Distribution Newsa press release announcing the availability of Turbolinux 10 Server, a 2.6-based distribution with, seemingly, an emphasis on security. announced the November availability of SUSE Linux Professional 9.2. The usual new features are included: 2.6 kernel, KDE 3.3, GNOME 2.6, Evolution 2.0, X.org X11R6.8.1, etc. SUSE also claims improved Bluetooth support. released the second edition of its live CD distribution, which is now called simply "Move." It is based on Mandrakelinux 10.0, and is intended to be an easy way for new users to start with Linux. "Move is also a great tool for those who want a portable Linux environment. Along the lines of Mandrakesoft's recently released GlobeTrotter, Move lets users carry around both settings and files on a USB key."
The release of Mandrakelinux 10.1 Community is the top story in the Mandrakelinux Community Newsletter Issue # 96, which also takes a look some new projects in the cooker, support for LSB 2.0 and several other topics.
Mandrakelinux updates the kernel package for 10.0, with prism54 support added to the 2.4 kernel and more enhancements and bug fixes in the 2.6 kernel.Debian Weekly News for October 5 is out; it looks at the second Debian Installer testing candidate, the status of the non-US archive, Debian GNU/Hurd K7, and more.
Here's the latest update on the progress of the third revision of Debian GNU/Linux 3.0 (woody).
DebConf5 will take place July 2005 in Helsinki, Finland. Some funding is available for Debian developers who would like to attend, but can't afford to. This year the organizers are starting early to take advantage of better flight prices and special offers.Issue 16 is out: FC3test2 has been released, FC1 has been passed on to Fedora Legacy, new documentation for translators, and more in this edition. DistroWatch Weekly for October 4, 2004 looks at a newsletter for Ubuntu users, OpenBSD 3.6 CDs, Bayanihan Linux and more.
New DistributionsGNUstep Live CD contains GNUstep software. GNUstep is a a free implementation of the OPENSTEP framework (which was used as the base for Cocoa in Mac OS X).
Minor distribution updatesThis release is first the 1.2.x series, which sports tighter integration with Debian, using the Sarge Debian Installer and the CDD (Custom Debian Distributions) framework." Aurox Linux has released Aurox 10.0 (Amber). "Changes in this release are related mainly to 'core' components of the system: kernel and hardware detection tools." IPCop Firewall version 1.4.0 has been released. This version supports more hardware, uses a LFS (Linux from Scratch) build system, a new GUI and more.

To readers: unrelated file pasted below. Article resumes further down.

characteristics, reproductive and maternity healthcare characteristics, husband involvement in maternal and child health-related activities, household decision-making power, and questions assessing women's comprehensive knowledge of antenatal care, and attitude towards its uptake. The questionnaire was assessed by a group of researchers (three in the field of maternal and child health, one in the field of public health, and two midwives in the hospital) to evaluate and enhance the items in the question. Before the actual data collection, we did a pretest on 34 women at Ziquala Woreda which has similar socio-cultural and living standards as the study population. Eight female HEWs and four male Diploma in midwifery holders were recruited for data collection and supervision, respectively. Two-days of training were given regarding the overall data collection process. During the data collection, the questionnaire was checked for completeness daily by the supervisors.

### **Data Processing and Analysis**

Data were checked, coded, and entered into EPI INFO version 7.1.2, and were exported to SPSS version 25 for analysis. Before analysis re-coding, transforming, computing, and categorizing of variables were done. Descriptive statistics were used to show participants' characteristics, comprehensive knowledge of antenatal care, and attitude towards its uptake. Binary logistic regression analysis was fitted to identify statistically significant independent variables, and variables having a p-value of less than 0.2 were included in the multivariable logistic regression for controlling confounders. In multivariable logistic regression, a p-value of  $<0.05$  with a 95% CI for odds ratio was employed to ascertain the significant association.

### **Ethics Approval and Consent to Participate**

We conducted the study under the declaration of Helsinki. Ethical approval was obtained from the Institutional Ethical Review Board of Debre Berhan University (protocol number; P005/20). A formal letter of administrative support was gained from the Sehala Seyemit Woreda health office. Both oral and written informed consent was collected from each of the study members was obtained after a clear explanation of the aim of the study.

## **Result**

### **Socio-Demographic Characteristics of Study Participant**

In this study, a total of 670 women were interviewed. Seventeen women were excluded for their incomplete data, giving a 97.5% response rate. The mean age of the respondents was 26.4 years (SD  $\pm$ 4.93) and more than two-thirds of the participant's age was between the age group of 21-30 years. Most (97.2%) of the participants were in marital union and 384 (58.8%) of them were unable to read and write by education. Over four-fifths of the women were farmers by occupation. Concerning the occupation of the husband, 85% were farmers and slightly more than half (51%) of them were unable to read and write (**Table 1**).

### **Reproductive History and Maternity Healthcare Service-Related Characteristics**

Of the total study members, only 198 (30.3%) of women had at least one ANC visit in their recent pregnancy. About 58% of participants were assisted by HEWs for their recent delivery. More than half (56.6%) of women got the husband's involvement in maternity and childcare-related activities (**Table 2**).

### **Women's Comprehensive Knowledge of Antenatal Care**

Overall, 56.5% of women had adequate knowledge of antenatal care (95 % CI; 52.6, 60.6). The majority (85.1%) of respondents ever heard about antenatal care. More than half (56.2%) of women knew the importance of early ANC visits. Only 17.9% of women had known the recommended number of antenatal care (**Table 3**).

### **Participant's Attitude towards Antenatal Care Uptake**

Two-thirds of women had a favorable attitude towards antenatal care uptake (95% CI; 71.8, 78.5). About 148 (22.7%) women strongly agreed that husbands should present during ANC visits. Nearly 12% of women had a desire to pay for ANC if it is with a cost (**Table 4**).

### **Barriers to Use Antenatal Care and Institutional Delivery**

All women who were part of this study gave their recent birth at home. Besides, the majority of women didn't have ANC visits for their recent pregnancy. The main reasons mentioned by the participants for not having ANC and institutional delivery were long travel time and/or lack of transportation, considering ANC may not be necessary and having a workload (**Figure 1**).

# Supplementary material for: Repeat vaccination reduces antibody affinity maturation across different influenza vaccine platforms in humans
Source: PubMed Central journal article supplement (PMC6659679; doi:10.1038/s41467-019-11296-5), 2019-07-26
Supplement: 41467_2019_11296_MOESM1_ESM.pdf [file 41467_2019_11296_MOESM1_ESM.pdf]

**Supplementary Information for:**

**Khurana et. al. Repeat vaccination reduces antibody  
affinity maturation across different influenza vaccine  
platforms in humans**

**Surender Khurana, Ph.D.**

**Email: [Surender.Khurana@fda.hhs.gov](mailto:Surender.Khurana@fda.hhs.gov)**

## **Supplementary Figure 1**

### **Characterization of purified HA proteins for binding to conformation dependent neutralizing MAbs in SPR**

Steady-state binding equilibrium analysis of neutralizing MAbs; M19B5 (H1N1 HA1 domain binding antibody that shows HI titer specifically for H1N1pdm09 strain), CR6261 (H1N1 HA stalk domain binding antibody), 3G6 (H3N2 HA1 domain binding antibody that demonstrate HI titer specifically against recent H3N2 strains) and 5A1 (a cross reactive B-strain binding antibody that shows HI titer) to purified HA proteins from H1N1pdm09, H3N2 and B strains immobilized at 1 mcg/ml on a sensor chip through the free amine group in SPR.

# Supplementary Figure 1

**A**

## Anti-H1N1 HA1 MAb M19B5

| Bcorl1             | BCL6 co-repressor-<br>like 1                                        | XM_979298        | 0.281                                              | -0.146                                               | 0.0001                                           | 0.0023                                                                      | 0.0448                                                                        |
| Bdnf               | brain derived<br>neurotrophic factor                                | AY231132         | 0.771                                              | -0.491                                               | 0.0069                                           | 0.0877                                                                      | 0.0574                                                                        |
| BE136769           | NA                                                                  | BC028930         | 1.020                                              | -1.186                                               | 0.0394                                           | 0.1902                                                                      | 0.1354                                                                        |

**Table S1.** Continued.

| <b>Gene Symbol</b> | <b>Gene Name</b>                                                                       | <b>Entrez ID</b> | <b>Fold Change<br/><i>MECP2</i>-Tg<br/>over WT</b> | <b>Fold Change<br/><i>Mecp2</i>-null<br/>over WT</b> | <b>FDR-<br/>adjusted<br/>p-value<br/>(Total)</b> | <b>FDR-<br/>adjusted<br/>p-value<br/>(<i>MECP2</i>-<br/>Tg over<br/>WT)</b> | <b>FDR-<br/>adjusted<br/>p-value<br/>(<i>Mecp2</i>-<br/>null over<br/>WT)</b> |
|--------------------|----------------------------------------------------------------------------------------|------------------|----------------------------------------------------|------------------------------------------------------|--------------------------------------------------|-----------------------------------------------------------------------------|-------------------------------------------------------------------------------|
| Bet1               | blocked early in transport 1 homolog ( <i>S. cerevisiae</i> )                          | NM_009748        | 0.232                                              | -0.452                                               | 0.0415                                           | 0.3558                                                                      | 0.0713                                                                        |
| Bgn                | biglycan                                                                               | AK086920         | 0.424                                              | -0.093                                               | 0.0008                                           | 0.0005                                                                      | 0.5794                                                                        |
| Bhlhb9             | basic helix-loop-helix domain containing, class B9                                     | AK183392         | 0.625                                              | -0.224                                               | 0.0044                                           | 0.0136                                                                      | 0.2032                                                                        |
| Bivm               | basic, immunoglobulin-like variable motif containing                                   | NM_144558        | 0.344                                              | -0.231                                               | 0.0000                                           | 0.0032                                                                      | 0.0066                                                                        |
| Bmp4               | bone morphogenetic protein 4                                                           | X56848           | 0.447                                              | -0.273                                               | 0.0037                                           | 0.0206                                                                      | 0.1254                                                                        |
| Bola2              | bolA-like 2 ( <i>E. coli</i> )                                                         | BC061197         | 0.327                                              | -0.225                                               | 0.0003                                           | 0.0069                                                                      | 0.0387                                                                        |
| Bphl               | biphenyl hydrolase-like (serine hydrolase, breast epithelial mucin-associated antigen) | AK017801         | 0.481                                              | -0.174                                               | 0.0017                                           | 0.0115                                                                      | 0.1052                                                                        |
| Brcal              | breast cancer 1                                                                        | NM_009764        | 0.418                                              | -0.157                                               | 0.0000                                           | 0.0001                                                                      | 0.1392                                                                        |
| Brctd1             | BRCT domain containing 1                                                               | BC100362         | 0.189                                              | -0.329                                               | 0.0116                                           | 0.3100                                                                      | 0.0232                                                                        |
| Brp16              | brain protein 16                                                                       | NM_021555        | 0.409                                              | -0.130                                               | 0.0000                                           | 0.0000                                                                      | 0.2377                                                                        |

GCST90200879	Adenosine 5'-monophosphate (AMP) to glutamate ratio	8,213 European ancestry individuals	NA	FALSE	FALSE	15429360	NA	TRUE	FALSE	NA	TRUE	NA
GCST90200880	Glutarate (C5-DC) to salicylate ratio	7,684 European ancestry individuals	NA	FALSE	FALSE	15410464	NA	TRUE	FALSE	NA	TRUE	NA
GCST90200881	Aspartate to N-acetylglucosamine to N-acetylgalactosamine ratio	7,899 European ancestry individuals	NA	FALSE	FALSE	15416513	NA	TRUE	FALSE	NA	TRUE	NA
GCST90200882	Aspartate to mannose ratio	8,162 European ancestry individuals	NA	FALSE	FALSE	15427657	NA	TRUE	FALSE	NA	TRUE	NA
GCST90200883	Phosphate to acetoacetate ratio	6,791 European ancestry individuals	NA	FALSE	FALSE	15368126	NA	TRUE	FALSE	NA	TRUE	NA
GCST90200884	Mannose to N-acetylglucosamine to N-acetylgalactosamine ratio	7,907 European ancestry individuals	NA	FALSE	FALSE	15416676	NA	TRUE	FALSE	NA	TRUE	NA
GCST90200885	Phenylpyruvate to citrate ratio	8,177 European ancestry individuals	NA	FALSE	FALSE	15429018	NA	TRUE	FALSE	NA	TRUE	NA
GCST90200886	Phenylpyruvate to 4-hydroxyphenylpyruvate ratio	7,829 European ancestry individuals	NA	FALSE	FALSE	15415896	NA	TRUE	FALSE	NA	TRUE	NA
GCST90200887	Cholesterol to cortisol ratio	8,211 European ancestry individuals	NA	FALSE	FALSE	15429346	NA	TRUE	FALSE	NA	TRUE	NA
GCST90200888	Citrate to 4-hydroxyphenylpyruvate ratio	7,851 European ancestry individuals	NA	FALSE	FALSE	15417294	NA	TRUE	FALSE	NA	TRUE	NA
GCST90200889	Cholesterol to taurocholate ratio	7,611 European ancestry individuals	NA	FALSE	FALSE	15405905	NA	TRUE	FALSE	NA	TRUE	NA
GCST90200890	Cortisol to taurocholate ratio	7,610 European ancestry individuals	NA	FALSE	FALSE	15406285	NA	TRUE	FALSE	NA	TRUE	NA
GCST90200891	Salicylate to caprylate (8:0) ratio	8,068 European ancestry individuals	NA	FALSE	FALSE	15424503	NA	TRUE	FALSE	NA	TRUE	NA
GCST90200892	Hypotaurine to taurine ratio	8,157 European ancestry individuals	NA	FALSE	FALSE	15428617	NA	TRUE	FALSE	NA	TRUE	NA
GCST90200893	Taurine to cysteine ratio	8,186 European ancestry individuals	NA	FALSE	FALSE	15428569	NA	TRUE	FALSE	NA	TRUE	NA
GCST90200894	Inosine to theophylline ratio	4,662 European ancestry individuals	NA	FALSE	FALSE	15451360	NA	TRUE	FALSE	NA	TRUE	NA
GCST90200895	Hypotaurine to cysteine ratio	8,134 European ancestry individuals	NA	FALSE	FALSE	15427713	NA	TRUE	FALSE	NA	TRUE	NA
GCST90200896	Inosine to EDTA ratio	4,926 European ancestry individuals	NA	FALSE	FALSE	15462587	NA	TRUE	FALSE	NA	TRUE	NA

Distribution reviewstakes a quick look at Xandros Linux 2.5. "Want to give Linux a try with little fuss and bewilderment? Xandros may have just what you're looking for. I took a shipping version of Xandros Desktop OS Deluxe 2.5 for a spin and was pleased to find that everything just plain worked." reviews SimplyMepis 2004.01. "I have been using Mepis since 2003.10.08. SimplyMepis 2004 continues the excellent user experience and manages to top out any other desktop-oriented distribution that I have used. I originally found Mepis while searching for an affordable option for our undergraduate labs at work. I had been using Xandros Desktop 2.0 since it had been released and was very happy with it. However, Xandros' license agreement was and remains very limiting. Also, I found their file manager to be significantly less flexible than KDE's Konqueror. Mepis offers a similarly straightforward desktop experience while remaining far truer to it's Debian roots. In fact, at the end of the day, Mepis is pretty much just a well-configured and tested Debian desktop distribution with refreshingly little "special sauce" thrown in. Instead, Mepis distinguishes itself by preconfiguring many details, making the menus and defaults clean, and including the best tools for most tasks."